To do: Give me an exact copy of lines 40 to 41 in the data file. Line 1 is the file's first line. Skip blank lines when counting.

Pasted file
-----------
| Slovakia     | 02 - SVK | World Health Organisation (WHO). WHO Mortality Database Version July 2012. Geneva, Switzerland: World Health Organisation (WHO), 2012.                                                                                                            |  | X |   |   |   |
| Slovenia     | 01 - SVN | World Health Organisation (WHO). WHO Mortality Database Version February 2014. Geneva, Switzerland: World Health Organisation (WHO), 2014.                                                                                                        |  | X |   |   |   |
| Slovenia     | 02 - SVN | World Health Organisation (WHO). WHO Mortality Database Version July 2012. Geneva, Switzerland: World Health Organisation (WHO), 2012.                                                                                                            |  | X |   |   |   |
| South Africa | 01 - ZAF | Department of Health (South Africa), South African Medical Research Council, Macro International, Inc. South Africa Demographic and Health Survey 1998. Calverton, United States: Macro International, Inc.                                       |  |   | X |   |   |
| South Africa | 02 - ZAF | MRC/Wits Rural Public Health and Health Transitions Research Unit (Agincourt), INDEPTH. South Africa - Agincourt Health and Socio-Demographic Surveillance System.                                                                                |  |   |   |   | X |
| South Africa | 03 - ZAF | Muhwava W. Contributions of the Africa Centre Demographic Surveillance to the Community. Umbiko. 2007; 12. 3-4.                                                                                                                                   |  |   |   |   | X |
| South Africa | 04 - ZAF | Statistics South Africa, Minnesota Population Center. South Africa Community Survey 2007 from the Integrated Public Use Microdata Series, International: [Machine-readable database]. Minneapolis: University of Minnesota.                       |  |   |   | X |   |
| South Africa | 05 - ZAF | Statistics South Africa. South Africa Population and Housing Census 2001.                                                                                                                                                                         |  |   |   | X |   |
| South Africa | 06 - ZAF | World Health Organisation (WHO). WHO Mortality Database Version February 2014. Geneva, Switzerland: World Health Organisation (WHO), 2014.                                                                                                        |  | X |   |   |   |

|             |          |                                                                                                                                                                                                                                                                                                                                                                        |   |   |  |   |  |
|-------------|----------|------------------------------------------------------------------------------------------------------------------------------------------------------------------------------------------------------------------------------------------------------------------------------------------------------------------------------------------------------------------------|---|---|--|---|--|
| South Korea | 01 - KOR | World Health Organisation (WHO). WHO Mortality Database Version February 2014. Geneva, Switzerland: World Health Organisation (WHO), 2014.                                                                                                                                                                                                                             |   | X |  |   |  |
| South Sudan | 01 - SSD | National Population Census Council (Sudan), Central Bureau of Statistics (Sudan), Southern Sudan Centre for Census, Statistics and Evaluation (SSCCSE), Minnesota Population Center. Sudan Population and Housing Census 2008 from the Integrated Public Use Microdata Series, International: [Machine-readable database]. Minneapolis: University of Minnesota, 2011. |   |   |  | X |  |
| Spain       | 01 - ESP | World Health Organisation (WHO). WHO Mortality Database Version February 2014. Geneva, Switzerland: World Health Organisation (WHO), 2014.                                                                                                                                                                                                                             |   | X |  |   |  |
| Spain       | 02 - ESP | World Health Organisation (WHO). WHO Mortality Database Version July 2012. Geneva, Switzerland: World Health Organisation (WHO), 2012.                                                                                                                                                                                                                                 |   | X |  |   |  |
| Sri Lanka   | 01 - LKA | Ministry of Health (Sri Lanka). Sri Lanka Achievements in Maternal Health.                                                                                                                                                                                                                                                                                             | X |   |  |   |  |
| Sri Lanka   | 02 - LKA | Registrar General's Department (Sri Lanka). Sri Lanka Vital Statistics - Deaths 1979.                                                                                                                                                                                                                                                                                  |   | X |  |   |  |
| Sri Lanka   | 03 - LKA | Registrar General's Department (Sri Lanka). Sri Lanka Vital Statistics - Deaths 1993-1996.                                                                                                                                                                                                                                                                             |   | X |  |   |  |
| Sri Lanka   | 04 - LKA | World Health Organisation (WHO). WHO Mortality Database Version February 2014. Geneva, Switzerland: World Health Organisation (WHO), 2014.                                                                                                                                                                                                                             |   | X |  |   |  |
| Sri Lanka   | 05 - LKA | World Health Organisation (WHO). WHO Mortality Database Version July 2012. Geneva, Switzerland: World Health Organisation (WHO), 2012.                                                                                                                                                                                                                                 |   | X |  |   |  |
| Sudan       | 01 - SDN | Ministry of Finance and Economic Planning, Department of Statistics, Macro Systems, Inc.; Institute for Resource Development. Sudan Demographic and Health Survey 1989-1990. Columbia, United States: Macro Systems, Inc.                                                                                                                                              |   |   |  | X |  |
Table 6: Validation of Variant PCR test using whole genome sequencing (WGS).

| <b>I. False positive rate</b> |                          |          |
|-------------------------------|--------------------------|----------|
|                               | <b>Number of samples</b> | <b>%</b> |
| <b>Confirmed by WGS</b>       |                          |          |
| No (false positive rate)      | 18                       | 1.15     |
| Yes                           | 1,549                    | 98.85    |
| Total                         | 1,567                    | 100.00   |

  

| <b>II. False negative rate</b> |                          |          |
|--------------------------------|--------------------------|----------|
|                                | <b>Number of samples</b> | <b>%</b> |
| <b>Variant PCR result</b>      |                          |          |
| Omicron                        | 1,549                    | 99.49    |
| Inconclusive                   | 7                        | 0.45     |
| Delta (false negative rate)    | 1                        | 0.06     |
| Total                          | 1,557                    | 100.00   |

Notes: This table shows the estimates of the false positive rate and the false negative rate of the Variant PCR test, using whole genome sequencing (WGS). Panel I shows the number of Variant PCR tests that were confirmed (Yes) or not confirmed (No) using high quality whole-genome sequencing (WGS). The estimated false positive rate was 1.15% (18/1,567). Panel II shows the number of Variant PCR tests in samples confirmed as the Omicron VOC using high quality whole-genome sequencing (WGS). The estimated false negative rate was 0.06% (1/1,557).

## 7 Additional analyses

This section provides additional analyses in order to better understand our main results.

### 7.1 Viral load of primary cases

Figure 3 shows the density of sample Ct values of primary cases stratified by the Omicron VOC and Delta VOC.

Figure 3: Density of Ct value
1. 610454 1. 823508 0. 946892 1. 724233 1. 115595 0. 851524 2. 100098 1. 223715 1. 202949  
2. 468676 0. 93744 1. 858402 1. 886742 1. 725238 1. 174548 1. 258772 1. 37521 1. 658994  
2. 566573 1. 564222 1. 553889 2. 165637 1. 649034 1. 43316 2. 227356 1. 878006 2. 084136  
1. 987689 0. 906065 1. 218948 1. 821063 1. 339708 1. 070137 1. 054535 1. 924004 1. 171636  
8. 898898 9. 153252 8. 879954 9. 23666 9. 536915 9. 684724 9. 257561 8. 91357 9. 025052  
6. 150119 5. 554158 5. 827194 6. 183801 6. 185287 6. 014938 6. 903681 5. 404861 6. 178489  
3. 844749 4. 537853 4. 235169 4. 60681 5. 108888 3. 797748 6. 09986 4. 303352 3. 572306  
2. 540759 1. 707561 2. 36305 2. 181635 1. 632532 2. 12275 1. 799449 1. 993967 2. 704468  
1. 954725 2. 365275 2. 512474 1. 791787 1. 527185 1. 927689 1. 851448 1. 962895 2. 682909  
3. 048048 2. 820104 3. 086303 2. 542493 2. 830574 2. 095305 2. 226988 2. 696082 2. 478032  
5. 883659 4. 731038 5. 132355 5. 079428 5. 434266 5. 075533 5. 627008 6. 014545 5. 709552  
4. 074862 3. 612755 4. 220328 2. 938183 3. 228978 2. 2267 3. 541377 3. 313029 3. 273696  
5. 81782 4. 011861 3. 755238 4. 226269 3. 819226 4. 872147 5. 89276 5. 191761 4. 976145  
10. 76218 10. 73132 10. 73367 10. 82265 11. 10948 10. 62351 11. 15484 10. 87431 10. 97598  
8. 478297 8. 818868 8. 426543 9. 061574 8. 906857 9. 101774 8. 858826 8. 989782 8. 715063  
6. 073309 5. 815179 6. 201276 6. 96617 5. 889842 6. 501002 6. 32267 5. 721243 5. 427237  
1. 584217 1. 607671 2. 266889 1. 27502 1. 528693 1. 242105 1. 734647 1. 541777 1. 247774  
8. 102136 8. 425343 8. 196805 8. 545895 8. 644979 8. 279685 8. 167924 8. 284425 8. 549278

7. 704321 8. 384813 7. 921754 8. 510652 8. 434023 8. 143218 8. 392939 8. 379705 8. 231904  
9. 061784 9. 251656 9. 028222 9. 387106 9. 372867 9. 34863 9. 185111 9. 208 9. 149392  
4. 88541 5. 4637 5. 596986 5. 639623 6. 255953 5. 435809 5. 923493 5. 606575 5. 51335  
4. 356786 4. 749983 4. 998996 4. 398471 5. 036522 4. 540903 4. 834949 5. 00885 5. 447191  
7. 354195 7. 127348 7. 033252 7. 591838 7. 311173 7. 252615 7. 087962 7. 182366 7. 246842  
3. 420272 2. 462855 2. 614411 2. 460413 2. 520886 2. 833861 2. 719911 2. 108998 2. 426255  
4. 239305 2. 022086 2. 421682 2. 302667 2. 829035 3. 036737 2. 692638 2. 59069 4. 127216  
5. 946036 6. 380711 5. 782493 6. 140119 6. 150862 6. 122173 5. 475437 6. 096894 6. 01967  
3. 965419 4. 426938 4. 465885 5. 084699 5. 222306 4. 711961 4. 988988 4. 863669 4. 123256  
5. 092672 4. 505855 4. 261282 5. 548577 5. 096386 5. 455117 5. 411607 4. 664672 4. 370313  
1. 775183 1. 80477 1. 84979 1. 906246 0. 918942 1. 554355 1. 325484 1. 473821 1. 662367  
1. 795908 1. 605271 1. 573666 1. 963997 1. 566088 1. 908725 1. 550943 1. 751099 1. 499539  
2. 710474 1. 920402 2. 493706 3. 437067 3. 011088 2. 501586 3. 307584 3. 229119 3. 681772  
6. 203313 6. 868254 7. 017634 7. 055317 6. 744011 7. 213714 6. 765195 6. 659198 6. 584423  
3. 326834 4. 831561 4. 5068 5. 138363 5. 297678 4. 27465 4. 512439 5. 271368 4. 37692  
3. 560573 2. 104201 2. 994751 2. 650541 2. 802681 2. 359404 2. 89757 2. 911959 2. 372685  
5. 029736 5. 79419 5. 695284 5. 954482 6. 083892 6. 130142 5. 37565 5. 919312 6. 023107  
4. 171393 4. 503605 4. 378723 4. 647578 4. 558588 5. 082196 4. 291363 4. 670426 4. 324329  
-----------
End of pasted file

This section provides additional analyses in order to better understand our main results.

### 7.1 Viral load of primary cases